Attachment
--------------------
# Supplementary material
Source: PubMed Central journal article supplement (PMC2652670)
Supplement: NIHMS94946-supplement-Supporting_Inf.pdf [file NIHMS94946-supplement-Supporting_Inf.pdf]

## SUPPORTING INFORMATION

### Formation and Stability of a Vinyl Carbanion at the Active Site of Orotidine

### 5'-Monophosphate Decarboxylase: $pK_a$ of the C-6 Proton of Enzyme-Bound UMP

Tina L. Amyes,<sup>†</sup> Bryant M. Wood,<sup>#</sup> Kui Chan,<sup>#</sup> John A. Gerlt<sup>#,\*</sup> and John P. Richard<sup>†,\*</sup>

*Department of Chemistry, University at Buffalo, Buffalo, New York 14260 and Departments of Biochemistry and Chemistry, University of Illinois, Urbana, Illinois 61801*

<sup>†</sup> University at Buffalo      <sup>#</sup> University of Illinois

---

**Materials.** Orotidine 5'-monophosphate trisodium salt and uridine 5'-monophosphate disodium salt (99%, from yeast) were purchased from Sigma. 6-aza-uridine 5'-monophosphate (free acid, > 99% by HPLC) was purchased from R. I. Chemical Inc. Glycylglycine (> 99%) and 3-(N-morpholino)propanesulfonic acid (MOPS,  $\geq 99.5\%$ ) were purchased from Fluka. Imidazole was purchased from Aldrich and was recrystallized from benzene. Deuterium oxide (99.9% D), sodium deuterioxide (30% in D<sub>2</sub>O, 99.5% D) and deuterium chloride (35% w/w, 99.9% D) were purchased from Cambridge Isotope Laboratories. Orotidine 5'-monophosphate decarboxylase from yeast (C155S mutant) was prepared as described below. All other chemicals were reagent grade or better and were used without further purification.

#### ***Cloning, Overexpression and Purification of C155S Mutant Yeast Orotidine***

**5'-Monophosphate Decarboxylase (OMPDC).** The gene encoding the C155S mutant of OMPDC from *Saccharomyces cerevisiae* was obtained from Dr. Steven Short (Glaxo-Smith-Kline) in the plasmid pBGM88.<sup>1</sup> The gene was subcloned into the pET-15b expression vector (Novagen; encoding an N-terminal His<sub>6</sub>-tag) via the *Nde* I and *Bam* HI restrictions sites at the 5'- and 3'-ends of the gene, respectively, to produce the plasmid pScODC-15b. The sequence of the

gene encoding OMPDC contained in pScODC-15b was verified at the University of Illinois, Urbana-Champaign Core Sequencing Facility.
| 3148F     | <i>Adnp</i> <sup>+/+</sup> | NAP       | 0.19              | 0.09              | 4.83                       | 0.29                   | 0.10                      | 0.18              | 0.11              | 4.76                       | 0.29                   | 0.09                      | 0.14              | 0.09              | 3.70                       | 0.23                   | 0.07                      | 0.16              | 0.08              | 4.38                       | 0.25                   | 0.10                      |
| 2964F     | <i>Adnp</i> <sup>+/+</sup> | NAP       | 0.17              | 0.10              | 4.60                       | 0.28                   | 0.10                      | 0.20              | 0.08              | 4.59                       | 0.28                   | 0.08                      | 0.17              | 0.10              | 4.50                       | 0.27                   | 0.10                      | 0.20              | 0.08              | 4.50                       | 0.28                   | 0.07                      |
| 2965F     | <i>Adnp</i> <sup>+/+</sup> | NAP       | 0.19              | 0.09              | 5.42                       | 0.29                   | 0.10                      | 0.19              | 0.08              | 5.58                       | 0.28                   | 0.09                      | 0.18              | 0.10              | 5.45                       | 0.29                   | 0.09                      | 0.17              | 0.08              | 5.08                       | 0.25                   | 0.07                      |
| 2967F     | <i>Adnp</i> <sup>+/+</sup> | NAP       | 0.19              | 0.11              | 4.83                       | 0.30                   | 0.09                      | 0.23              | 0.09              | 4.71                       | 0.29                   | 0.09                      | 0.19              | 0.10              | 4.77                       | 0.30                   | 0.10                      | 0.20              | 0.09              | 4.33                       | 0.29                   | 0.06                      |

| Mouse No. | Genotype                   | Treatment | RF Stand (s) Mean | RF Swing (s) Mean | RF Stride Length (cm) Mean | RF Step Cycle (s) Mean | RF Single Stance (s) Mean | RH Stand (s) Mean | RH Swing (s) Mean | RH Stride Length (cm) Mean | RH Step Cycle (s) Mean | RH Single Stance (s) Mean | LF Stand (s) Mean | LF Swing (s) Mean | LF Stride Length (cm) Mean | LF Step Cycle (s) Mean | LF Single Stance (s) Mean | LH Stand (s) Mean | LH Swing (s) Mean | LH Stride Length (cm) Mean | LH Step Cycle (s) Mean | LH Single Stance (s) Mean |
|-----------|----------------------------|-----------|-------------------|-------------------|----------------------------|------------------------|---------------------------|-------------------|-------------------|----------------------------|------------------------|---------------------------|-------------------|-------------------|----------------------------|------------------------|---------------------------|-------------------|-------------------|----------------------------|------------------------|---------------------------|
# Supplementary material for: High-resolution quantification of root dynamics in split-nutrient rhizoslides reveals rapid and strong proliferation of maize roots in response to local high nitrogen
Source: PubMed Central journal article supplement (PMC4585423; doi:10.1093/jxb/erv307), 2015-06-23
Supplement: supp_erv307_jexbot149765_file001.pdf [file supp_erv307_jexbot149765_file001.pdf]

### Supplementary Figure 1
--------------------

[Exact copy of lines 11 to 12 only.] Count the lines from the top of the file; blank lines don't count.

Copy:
**Materials.** Orotidine 5'-monophosphate trisodium salt and uridine 5'-monophosphate disodium salt (99%, from yeast) were purchased from Sigma. 6-aza-uridine 5'-monophosphate (free acid, > 99% by HPLC) was purchased from R. I. Chemical Inc. Glycylglycine (> 99%) and 3-(N-morpholino)propanesulfonic acid (MOPS,  $\geq 99.5\%$ ) were purchased from Fluka. Imidazole was purchased from Aldrich and was recrystallized from benzene. Deuterium oxide (99.9% D), sodium deuterioxide (30% in D<sub>2</sub>O, 99.5% D) and deuterium chloride (35% w/w, 99.9% D) were purchased from Cambridge Isotope Laboratories. Orotidine 5'-monophosphate decarboxylase from yeast (C155S mutant) was prepared as described below. All other chemicals were reagent grade or better and were used without further purification.

#### ***Cloning, Overexpression and Purification of C155S Mutant Yeast Orotidine***